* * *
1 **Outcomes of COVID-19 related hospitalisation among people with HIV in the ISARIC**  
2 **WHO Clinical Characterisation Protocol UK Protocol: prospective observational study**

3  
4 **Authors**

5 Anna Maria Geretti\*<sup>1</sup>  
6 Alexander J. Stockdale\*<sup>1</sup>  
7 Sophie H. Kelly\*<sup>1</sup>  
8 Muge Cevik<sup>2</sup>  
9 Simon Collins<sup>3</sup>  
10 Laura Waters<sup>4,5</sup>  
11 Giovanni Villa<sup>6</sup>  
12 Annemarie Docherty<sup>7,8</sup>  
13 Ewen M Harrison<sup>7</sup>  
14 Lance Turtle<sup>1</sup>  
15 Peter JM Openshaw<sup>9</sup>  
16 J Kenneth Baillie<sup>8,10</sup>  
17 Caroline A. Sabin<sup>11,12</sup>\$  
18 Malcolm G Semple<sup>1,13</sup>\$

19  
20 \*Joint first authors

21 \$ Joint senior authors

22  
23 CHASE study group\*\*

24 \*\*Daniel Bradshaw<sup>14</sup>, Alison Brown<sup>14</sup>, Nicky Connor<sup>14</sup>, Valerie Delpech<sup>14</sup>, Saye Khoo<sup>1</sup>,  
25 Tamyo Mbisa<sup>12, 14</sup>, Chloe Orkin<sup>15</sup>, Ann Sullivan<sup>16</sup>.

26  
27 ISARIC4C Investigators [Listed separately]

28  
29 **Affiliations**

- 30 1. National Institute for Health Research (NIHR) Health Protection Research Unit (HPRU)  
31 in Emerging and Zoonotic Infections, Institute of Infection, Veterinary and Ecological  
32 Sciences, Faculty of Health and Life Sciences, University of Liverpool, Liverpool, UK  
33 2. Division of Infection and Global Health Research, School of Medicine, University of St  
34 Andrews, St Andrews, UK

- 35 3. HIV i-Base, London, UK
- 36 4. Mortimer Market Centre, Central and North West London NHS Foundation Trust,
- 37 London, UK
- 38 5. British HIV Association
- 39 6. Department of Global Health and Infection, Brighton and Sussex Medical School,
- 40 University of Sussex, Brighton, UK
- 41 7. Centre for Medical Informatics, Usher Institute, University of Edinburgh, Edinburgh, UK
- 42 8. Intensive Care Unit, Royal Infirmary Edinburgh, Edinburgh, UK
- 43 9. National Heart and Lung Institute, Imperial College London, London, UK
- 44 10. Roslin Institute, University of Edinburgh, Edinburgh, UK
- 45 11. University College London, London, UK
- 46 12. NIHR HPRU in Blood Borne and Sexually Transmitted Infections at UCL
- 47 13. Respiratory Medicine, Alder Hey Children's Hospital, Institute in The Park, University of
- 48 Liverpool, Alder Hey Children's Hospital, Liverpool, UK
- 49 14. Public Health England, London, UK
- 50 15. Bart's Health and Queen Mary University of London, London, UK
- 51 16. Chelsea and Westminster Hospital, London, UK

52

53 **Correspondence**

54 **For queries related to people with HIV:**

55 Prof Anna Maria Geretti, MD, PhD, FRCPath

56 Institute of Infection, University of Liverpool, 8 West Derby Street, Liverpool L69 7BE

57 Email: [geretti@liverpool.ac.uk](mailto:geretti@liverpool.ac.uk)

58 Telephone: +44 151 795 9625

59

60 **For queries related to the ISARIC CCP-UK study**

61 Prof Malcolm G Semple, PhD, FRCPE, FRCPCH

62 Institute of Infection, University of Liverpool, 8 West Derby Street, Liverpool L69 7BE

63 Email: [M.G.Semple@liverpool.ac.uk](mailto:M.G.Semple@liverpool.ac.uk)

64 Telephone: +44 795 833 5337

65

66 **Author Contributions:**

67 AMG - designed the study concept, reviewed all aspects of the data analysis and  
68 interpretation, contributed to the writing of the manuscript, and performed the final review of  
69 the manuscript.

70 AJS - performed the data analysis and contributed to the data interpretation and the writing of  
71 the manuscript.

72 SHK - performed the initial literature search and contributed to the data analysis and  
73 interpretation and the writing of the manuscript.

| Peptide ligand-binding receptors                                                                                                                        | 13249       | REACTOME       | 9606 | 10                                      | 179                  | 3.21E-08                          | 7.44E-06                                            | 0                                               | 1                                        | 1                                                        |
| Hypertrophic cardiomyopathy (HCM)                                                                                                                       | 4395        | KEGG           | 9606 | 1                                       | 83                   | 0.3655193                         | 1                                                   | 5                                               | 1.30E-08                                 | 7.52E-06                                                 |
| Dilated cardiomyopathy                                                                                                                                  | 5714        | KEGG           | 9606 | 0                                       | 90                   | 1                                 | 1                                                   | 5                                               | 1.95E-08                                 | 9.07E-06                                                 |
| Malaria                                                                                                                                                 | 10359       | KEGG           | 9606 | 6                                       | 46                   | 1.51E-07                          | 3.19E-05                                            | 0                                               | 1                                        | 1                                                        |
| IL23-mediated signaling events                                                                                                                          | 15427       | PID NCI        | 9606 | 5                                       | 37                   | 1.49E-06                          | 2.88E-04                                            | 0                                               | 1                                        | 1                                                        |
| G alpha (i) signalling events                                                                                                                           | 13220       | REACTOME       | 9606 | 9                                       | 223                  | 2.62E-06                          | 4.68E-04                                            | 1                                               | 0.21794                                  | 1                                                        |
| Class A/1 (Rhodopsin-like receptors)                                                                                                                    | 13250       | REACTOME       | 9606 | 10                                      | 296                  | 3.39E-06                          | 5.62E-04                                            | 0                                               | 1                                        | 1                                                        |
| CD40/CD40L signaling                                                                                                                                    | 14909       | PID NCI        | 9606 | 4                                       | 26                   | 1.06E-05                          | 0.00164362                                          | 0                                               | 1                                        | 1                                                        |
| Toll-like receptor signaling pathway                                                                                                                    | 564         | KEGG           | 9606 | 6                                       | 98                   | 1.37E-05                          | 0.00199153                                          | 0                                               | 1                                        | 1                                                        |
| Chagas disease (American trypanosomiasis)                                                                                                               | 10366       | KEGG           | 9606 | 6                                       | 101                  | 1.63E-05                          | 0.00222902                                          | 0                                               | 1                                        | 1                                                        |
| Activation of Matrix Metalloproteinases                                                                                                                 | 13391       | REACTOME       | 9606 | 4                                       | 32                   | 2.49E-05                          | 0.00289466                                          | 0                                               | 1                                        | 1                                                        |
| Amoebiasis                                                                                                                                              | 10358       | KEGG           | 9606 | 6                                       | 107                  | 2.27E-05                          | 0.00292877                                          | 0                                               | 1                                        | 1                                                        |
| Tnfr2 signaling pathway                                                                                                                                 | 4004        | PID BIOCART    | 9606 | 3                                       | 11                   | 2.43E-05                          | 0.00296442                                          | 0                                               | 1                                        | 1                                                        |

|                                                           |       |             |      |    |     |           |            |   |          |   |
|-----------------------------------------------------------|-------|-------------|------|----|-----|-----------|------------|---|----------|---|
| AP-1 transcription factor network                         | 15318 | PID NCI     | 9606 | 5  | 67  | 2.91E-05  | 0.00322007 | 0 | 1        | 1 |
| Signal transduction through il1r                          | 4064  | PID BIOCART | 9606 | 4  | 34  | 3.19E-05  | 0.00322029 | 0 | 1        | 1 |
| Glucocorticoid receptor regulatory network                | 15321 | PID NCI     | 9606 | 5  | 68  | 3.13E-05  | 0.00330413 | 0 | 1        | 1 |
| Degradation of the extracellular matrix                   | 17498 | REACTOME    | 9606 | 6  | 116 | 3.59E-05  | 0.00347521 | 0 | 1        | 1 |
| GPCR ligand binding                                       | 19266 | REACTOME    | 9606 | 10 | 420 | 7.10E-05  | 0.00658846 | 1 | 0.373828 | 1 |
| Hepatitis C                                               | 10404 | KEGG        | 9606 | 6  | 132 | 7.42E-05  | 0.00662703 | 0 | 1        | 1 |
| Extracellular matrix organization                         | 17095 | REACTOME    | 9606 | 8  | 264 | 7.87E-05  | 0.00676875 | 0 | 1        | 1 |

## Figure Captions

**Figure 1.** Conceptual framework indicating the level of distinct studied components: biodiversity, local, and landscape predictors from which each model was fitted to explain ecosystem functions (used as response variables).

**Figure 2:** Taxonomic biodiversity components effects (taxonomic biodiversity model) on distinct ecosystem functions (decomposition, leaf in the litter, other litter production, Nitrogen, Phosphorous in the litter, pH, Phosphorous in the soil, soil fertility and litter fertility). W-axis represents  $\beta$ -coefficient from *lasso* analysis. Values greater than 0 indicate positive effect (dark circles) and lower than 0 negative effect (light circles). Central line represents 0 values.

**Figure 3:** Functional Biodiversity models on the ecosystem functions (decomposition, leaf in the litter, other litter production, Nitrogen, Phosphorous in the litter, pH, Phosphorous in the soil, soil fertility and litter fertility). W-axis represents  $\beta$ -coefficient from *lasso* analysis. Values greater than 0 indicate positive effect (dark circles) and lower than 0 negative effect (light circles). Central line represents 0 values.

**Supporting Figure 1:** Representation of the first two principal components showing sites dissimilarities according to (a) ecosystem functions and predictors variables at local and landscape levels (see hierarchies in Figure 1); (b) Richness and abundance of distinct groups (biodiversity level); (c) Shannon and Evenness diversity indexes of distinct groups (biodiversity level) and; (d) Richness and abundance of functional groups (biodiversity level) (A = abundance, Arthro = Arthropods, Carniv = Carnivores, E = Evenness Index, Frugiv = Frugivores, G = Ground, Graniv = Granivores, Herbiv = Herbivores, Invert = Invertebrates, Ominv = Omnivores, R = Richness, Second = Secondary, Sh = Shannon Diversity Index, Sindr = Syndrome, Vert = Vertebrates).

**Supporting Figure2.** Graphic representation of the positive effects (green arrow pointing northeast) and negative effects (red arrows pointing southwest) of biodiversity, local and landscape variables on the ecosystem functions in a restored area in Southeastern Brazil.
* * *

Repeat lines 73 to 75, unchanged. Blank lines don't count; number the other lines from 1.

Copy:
73 interpretation and the writing of the manuscript.

| Peptide ligand-binding receptors                                                                                                                        | 13249       | REACTOME       | 9606 | 10                                      | 179                  | 3.21E-08                          | 7.44E-06                                            | 0                                               | 1                                        | 1                                                        |
| Hypertrophic cardiomyopathy (HCM)                                                                                                                       | 4395        | KEGG           | 9606 | 1                                       | 83                   | 0.3655193                         | 1                                                   | 5                                               | 1.30E-08                                 | 7.52E-06                                                 |